Orchestra Digest: Feb. 8th

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This week: Stirring Sibelius in Minneapolis, a major donation in Washington, D.C., and remembering James DePriest. Here are stories we're following, and a new poll about new music....
  • New York Times critic James Oestreich wonders if the sounds of Sibelius could thaw a Minnesota Orchestra lockout -- or at least remind the city what a truly phenomenal orchestra they have? Last weekend musicians of the Minnesota Orchestra, joined by many players of the locked-out St. Paul Chamber Orchestra, performed music from their Grammy-nominated recording of Sibelius, led by music director Osmo Vanska. More than a review, Oestreich's piece recounts the history and context behind the lockout -- as well as the story of Eriko Matsukawa, a blind Japanese English teacher who credits the Minnesota Orchestra with restoring hearing loss she suffered as a result of the 2011 earthquake. Many other media outlets also covered the performance, including:
  • Minnesota Public Radio posted a commentary on the lockout's ripple effects in the community, in schools, economic vitality, and quality of life. The piece's authors have founded an organization, Orchestrate Excellence, to engage the community to end the lockout. 
  • Just hours before its self-imposed deadline, the Indianapolis Symphony announced a successful $5 million fundraising drive, the Indianapolis Star reports. The announcement means a 5-year agreement musicians signed in October will go into effect.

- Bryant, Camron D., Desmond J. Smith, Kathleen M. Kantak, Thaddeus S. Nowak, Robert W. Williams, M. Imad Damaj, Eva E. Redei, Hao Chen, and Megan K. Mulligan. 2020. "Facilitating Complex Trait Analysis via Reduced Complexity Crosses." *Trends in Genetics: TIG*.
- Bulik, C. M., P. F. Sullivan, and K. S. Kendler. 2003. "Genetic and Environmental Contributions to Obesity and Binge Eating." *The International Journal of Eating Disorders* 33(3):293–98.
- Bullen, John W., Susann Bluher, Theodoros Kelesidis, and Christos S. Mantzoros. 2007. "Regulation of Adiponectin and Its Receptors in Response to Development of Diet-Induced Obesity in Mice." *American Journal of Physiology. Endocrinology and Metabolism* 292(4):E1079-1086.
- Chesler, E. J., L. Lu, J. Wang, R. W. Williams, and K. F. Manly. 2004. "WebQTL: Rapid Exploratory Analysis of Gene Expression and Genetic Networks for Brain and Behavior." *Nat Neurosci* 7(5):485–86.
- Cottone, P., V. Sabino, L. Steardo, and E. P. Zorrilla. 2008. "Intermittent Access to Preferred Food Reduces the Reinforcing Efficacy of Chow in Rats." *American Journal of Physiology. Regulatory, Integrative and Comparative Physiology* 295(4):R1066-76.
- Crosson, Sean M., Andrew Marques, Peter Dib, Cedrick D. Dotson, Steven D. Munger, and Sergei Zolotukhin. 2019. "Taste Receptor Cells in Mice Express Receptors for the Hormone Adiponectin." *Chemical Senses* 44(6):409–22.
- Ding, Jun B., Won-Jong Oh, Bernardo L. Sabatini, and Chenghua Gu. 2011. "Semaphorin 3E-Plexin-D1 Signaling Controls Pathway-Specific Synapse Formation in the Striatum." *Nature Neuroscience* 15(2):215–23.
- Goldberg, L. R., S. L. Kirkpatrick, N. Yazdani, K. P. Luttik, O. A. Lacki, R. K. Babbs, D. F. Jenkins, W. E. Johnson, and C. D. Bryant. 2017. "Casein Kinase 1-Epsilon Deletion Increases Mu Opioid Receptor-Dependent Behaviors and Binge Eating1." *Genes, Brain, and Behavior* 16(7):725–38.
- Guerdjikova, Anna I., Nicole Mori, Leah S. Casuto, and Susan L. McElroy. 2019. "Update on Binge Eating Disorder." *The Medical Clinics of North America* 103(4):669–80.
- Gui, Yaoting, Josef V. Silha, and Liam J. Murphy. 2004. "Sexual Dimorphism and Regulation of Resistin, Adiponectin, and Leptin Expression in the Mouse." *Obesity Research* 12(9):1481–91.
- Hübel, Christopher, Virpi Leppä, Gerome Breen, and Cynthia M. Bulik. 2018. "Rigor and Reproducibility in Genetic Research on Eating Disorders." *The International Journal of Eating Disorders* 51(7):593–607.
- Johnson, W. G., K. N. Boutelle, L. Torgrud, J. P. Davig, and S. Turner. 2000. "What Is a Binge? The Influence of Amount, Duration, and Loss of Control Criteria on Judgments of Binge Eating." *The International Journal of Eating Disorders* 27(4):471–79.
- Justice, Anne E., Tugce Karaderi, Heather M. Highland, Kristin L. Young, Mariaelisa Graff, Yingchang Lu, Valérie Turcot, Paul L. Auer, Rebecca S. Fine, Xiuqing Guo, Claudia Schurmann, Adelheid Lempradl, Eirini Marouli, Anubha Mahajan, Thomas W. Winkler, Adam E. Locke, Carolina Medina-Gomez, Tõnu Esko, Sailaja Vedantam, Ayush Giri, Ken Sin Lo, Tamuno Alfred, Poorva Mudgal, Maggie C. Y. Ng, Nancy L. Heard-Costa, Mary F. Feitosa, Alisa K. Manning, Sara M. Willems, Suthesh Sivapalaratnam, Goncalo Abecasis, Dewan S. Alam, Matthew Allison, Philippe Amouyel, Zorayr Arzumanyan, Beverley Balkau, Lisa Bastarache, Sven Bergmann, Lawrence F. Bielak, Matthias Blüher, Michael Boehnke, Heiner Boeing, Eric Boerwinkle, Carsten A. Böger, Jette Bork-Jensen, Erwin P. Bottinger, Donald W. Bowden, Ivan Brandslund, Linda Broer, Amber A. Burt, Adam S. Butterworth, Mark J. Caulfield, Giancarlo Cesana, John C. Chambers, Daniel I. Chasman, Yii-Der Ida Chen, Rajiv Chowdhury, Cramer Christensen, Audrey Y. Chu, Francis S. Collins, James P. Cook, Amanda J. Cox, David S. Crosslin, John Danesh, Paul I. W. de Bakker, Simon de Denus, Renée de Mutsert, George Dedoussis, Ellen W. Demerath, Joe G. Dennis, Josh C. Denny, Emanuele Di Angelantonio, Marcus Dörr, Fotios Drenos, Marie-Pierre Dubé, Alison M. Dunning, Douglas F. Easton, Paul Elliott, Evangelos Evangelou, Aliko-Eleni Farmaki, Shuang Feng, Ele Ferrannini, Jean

• A $15 million bequest from Washington, D.C. philanthropist Richard A. Herman is the largest ever for both the National Symphony Orchestra and Washington National Opera, the Washington Post reports. Herman, who died in November at age 100, was a railroad executive and frequent concertgoer who lived a simple, frugal life. 
  • commentary in Mother Jones questions the future of city orchestras, in the wake of recent strikes and lockouts. The piece highlights orchestras expanding their audience bases with cinecasts and residencies in other cities (or pub crawls!) 
  • Legendary conductor James DePriest died this morning, WGN reports. DePriest was Music Director Laureate of the Oregon Symphony, as well as Director Emeritus of Conducting and Orchestral Studies at The Juilliard School. 
New weekly poll: With new season announcements coming out, we wonder -- do Canadian orchestras perform the right amount of new music, too much, or not enough? Please vote your opinion, and share a comment --
Compiled by Matt Heller, OCSM President. Sources include the discussion groups of ICSOM and ROPA, as well as NPR's Deceptive Cadence blog. Visit OCSM online at: http://ocsm-omosc.org/index.php
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